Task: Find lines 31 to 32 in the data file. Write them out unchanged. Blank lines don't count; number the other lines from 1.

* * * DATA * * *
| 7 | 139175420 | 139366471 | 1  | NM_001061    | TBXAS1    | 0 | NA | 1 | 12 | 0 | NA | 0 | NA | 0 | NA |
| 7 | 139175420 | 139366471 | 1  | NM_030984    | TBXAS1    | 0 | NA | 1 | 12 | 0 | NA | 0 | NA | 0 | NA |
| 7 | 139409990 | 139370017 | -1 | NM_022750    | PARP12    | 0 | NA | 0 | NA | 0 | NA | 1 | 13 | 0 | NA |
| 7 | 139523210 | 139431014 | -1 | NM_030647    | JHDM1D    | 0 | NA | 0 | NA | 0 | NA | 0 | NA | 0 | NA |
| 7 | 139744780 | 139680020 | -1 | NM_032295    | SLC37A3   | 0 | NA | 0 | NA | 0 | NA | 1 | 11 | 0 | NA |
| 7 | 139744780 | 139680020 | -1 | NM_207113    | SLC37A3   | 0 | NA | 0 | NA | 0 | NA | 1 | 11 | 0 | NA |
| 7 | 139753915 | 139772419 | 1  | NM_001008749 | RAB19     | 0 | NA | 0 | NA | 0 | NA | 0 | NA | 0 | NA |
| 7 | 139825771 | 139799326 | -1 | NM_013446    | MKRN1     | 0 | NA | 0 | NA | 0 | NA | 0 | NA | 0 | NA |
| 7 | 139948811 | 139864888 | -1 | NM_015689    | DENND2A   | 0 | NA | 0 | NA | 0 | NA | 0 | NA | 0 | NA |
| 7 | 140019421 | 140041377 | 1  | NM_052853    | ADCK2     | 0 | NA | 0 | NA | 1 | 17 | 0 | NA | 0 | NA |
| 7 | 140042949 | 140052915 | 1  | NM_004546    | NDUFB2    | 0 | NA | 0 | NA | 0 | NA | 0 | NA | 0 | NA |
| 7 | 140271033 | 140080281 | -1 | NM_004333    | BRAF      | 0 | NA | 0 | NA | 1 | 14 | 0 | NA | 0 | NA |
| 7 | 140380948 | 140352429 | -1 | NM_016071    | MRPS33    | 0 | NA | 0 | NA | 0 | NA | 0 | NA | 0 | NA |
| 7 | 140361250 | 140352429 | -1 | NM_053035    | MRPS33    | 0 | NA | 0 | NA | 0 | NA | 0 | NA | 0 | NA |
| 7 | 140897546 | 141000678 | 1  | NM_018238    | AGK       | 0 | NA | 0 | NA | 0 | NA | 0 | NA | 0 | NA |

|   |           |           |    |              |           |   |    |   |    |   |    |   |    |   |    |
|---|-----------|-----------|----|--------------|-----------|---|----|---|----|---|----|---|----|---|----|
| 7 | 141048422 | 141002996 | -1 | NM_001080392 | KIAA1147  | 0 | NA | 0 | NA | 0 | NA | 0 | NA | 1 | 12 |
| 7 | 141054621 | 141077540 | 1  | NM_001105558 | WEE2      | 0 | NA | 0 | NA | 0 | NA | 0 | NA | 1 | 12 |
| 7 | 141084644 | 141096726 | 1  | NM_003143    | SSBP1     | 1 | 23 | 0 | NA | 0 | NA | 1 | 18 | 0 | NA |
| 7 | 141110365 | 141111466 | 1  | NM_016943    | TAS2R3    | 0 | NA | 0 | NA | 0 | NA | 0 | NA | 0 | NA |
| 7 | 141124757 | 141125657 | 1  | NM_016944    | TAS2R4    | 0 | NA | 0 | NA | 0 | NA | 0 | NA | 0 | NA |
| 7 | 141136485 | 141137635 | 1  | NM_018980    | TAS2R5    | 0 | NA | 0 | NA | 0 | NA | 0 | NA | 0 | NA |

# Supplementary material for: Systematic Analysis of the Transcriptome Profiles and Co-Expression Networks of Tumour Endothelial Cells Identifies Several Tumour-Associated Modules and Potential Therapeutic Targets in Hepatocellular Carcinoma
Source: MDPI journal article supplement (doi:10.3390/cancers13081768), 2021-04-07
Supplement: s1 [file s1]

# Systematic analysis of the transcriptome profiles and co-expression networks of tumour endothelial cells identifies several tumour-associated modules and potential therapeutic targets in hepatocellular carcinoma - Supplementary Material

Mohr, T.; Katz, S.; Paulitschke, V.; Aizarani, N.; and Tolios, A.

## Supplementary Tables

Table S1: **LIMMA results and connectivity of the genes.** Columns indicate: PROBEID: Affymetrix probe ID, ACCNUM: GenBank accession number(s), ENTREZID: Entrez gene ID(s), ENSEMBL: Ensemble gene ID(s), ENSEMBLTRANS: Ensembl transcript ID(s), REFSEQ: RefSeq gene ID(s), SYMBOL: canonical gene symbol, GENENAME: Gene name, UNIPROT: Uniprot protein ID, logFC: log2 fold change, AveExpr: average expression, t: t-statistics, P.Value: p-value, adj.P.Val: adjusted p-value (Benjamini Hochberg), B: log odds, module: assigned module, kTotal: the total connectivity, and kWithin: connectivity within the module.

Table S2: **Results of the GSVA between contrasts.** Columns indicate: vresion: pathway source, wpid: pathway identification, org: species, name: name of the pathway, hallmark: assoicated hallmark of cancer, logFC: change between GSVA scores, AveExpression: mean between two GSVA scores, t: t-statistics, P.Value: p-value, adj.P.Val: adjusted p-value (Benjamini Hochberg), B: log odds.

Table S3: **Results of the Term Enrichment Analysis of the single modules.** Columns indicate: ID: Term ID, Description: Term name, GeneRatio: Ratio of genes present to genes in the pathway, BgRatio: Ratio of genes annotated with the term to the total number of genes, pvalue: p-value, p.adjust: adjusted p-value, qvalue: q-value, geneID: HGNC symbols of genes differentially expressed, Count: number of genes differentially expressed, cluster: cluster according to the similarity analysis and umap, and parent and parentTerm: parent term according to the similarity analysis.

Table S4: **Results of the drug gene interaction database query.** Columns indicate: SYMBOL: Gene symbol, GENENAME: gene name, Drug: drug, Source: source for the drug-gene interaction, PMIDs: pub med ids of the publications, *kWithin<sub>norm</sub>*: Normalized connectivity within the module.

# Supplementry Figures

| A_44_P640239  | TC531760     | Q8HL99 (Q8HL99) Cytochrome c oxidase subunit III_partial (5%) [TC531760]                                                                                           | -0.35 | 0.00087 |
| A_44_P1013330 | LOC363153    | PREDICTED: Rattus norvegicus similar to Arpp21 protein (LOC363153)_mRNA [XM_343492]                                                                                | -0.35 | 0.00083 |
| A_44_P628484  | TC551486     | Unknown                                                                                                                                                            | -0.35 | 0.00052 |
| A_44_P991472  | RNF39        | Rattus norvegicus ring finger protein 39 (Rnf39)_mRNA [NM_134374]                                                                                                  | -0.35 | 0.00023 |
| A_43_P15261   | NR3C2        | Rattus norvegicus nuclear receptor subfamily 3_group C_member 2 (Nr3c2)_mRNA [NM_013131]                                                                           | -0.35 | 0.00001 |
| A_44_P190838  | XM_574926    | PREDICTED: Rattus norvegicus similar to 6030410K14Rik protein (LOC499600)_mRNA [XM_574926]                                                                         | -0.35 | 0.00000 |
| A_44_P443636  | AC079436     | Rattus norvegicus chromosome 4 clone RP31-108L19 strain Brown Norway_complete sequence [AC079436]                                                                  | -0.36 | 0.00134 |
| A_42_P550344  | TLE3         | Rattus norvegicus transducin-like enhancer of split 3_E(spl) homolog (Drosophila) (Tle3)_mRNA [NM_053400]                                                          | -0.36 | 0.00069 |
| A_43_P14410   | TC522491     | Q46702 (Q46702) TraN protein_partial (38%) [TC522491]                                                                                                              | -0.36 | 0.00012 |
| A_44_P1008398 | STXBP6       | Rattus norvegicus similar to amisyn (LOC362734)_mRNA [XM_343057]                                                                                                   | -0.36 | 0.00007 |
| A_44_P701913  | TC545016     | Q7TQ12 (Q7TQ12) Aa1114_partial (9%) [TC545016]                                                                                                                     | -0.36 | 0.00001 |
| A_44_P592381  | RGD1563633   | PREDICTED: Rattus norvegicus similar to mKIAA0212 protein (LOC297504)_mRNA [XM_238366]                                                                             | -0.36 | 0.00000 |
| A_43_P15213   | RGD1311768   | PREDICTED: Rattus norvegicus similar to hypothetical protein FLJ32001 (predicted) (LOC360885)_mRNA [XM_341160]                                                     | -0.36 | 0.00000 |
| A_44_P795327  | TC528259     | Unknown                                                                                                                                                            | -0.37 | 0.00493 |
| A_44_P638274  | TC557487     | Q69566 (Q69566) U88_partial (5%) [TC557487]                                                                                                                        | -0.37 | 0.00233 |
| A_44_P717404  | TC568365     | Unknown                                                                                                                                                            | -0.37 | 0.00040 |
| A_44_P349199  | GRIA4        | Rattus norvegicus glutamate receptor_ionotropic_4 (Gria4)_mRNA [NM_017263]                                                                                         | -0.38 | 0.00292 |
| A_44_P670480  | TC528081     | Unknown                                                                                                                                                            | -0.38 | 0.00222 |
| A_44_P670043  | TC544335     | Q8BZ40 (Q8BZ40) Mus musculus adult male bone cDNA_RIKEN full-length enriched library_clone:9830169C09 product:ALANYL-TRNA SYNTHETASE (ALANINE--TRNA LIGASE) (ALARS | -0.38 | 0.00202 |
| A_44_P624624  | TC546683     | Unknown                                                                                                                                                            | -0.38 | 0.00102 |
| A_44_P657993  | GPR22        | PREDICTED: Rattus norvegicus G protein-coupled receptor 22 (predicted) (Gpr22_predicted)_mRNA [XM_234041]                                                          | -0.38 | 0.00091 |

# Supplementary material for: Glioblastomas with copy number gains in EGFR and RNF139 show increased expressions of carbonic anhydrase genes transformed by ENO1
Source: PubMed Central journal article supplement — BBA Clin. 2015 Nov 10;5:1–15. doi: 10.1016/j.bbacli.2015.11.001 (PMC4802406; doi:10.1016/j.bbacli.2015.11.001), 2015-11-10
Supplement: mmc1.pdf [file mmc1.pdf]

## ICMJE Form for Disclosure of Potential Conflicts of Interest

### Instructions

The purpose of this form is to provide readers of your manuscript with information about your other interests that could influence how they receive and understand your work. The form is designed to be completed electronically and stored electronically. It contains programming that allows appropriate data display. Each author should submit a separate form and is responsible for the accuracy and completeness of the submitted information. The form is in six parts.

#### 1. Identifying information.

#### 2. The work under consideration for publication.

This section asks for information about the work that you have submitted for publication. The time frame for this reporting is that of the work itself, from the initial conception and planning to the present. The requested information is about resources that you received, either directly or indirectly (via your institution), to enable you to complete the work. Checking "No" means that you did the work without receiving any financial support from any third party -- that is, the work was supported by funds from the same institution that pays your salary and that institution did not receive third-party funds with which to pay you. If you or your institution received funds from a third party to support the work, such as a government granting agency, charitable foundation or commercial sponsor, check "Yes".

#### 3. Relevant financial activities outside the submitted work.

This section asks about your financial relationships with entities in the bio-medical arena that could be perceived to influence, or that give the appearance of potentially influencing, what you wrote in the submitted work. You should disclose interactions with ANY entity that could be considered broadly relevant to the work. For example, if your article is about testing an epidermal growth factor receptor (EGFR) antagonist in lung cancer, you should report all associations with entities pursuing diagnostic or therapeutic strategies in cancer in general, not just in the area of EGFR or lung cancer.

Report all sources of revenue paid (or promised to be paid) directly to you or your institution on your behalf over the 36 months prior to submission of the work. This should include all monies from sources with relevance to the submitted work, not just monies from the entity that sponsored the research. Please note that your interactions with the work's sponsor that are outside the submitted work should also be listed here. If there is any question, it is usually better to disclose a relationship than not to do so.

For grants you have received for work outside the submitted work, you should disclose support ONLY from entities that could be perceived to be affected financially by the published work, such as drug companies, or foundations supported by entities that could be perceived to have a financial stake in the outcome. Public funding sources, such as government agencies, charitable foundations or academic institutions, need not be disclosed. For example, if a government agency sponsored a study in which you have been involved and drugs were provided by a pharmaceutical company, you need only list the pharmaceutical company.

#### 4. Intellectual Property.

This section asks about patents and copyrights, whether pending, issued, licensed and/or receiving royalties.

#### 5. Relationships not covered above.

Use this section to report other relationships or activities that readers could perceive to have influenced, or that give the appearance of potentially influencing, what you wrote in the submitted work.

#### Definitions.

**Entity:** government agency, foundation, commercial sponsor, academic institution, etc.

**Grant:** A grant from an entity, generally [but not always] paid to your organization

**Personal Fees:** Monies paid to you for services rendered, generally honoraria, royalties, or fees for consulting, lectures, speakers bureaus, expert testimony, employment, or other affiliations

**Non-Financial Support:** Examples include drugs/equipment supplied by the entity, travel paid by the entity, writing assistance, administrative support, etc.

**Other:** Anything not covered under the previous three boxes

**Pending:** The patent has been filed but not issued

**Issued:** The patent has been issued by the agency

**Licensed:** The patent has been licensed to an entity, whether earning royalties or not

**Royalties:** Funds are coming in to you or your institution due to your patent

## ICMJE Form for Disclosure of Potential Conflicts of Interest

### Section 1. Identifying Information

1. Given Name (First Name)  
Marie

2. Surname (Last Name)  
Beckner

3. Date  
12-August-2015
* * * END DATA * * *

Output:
Table S2: **Results of the GSVA between contrasts.** Columns indicate: vresion: pathway source, wpid: pathway identification, org: species, name: name of the pathway, hallmark: assoicated hallmark of cancer, logFC: change between GSVA scores, AveExpression: mean between two GSVA scores, t: t-statistics, P.Value: p-value, adj.P.Val: adjusted p-value (Benjamini Hochberg), B: log odds.

Table S3: **Results of the Term Enrichment Analysis of the single modules.** Columns indicate: ID: Term ID, Description: Term name, GeneRatio: Ratio of genes present to genes in the pathway, BgRatio: Ratio of genes annotated with the term to the total number of genes, pvalue: p-value, p.adjust: adjusted p-value, qvalue: q-value, geneID: HGNC symbols of genes differentially expressed, Count: number of genes differentially expressed, cluster: cluster according to the similarity analysis and umap, and parent and parentTerm: parent term according to the similarity analysis.